Embrace the Cold

Louisville head coach Rick Pitino coaches his team during the game against Pittsburgh on January 14, 2016 in Louisville, Ky. Photo by Adam Creech

Louisville head coach Rick Pitino coaches his team during the game against Pittsburgh on January 14, 2016 in Louisville, Ky. Photo by Adam Creech

The Louisville basketball team enters the toughest stretch of its 2015-16 season to date owning a solid top five rating in virtually every computer ranking known to man, including the popular ones concocted by Jeff Sagarin and Ken Pomeroy. Even with that being the case, the Cards consistently find themselves near the back end of the rankings churned out by national college hoops writers and are just No. 16 in the current Associated Press Top 25.

So what are the humans seeing that makes them more skeptical about UofL than the computers?

“I think most people believe Louisville’s pretty good, but they don’t know it,” says ESPN college basketball writer Jeff Goodman. “They have an impressive record, but they haven’t beaten a single team yet that appears to be a legitimate Final Four contender. Until that happens, it’s tough to fully buy into Rick Pitino’s team.”

Over the next five weeks, UofL will have ample opportunity to prove its worth against teams “that appear to be legitimate Final Four contenders.” That road begins Saturday – when two-time defending ACC regular season champion Virginia comes to town – and will roll on just two days later when the (potentially still) top-ranked North Carolina Tar Heels strut into the KFC Yum! Center.

It doesn’t lighten up much after that. Between now and the end of the regular season, Louisville will play seven games against teams currently ranked in the Top 25 and does not have a single stretch where they play consecutive tilts against unranked opponents.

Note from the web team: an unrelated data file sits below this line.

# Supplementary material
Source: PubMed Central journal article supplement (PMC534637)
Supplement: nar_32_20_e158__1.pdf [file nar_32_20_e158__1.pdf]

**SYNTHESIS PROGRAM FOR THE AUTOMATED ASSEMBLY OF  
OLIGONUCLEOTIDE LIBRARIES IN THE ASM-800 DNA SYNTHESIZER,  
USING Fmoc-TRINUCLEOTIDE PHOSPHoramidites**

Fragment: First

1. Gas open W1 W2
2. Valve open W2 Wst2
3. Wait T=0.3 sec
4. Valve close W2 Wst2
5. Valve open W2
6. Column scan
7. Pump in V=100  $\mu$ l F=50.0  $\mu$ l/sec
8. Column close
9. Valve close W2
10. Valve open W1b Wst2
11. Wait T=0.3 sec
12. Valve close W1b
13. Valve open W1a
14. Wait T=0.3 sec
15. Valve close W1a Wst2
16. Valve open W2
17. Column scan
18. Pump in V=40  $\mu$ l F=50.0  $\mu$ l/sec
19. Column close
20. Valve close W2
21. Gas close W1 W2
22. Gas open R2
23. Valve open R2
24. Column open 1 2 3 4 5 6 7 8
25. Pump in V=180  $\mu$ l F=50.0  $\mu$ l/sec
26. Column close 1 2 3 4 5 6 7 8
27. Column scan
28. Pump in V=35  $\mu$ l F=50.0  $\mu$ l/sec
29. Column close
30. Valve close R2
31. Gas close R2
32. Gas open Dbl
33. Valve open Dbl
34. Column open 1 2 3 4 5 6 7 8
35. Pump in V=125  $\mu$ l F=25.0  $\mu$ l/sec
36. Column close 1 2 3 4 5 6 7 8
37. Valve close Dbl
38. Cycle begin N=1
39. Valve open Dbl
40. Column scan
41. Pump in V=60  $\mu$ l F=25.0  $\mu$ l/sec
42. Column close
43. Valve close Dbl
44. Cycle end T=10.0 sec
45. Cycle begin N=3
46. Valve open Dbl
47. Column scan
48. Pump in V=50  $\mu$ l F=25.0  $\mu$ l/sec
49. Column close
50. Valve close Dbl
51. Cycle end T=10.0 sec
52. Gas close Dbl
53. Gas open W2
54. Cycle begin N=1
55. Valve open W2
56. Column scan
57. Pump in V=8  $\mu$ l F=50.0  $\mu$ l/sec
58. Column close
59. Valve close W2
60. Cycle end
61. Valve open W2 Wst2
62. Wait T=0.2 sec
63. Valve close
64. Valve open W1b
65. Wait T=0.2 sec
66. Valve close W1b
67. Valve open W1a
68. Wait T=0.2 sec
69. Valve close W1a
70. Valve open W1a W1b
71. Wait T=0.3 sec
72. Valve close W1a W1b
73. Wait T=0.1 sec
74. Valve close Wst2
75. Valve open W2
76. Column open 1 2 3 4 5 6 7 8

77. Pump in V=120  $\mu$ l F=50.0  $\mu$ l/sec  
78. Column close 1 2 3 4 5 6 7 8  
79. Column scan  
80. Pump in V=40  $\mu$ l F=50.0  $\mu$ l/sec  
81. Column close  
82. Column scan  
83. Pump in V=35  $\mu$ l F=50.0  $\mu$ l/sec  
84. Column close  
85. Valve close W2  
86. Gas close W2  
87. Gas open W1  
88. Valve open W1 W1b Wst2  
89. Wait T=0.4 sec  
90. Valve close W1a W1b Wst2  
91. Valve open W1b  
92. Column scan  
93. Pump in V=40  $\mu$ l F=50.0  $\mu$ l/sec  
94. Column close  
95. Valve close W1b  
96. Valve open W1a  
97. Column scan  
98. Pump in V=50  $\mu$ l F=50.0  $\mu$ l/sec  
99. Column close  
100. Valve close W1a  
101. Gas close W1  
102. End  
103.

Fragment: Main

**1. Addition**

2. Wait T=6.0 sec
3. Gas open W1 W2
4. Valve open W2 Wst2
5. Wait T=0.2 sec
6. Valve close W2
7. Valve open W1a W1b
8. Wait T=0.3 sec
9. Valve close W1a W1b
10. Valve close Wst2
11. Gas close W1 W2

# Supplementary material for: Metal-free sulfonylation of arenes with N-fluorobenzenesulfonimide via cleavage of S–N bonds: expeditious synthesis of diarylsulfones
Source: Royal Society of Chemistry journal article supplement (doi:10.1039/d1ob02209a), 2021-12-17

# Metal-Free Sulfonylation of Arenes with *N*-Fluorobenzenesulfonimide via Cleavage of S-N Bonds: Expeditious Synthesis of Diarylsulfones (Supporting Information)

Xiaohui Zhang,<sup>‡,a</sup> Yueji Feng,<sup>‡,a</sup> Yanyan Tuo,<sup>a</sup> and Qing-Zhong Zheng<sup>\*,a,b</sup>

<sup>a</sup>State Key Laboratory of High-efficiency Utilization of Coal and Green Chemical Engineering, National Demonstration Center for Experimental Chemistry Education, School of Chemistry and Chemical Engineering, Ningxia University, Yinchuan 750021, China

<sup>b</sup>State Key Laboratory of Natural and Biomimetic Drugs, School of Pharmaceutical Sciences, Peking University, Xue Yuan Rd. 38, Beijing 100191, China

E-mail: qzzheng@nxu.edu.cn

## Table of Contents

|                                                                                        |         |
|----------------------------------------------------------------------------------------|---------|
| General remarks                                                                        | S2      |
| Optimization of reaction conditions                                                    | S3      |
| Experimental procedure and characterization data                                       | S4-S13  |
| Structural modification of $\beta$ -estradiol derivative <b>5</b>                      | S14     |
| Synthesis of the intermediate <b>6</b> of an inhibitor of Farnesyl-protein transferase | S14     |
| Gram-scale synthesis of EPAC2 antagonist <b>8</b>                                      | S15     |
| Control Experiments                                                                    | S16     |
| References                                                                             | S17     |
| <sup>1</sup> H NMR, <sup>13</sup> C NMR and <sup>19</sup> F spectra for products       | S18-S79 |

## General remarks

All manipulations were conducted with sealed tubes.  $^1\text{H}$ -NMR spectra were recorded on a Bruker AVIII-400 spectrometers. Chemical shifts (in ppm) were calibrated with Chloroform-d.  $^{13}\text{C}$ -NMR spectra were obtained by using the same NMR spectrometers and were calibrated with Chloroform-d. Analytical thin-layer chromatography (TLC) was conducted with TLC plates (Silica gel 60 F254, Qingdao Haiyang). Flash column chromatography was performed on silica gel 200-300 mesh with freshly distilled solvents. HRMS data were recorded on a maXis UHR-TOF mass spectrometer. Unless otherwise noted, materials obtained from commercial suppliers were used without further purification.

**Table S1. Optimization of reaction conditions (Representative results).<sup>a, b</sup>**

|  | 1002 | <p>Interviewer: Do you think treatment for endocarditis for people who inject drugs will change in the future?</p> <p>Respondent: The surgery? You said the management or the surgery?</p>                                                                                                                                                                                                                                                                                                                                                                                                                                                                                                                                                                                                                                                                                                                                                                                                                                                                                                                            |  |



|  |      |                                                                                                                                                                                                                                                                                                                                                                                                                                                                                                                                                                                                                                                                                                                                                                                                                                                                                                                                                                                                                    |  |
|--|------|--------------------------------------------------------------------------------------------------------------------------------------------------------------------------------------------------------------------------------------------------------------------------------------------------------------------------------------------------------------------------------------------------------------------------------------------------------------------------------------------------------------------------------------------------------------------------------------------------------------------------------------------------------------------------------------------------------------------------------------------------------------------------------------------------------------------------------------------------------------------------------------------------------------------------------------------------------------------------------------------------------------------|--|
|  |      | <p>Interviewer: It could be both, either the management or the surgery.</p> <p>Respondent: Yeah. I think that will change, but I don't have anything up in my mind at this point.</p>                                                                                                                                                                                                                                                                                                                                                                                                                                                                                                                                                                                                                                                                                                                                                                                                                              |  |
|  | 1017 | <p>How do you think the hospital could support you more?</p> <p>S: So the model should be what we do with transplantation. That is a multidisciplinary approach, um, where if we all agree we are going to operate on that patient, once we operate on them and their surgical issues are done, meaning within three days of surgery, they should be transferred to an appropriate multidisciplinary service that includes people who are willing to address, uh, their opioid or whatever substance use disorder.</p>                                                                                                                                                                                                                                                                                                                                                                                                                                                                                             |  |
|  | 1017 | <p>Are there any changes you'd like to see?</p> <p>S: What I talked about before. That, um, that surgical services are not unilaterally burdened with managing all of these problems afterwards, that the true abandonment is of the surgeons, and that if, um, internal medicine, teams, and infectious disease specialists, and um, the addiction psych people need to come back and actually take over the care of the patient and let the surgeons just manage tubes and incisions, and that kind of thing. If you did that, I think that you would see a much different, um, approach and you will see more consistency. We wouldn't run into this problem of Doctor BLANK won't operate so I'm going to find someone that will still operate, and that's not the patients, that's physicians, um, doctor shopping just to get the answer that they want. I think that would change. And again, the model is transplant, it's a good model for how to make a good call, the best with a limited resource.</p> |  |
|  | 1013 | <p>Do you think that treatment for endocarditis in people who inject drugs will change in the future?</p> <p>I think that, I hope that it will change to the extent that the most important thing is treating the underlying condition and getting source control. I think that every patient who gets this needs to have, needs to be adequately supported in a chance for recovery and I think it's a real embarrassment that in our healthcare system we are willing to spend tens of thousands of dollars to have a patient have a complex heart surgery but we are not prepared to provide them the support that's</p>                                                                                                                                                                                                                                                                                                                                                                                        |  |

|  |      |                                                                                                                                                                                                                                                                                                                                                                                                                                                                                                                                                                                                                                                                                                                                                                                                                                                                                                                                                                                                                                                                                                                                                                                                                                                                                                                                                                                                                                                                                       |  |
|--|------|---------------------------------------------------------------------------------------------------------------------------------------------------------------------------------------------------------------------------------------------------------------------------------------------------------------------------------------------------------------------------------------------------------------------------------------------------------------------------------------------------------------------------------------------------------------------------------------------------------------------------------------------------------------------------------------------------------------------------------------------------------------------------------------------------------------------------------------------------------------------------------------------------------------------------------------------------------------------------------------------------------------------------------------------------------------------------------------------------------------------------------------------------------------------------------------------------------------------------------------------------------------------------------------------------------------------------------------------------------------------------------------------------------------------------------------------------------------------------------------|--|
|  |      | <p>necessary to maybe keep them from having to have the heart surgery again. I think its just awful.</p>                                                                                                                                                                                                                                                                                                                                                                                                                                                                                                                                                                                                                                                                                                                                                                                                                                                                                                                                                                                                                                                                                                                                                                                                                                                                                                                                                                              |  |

Any season ticket holder who complained during the season’s opening months about the quality of competition on the home slate is about to be sufficiently reimbursed.

“Buckle your seat belts because it’s gonna be one helluva ride in the ACC,” Pitino said last week. “It reminds me so much of the Big East in its prime in terms of, you know, you see it going one way, then all of a sudden you see now you have Virginia and Clemson near the top, you see Georgia Tech playing real well. Syracuse looks like they’re out of it, now they get hot. Duke loses three, Virginia loses three, and then suddenly the thing’s upside down. And then it will turn back. It will be a roller coaster ride that will drive fans and coaches crazy, but it will be a lot of fun playing this type of competition needless to say.”

The conference grind that Louisville fans became all too familiar with during the program’s days in the Big East is back, and it has the potential to be just as beautiful as it was back then.

Big Monday has returned and the chill outside in the Derby City feels familiar again. In an area where college basketball is so often likened to religion, this is what carries us through a pair of otherwise unendurable months that offer little else outside of cold and darkness and teddy bears holding candy hearts.

Think about a life in late January or early February where you couldn’t spend Mondays or Wednesdays at work or school reading and thinking about that night’s game with Syracuse, or looking ahead to attending Saturday’s showdown with Duke. “Miserable” might be taking things too far, but it’s certainly a life less enjoyable.

Rushing home from work on an especially dark 5:30 day to hug the kids, grab a quick bite and then head to the arena or get focused on your favorite couch for the two hours of the day you’ve looked forward to since the weekend – skipping the 3:30 class because you know you’d just spend the time there on your computer reading some local hack’s breakdown of Virginia – this is what post-Christmas winter life means to people like you and me.

For Louisville, the hope is that this time of year will produce both national respect and momentum heading into the only time of the year better than this one: March.

“This year, I’d say there are probably 15 maybe 20 teams that could win the national title,” Goodman says. “Is Louisville one of those teams? I think so, but we should know for sure in a few weeks.”

Embrace the quest for answers. Embrace the winter grind. VT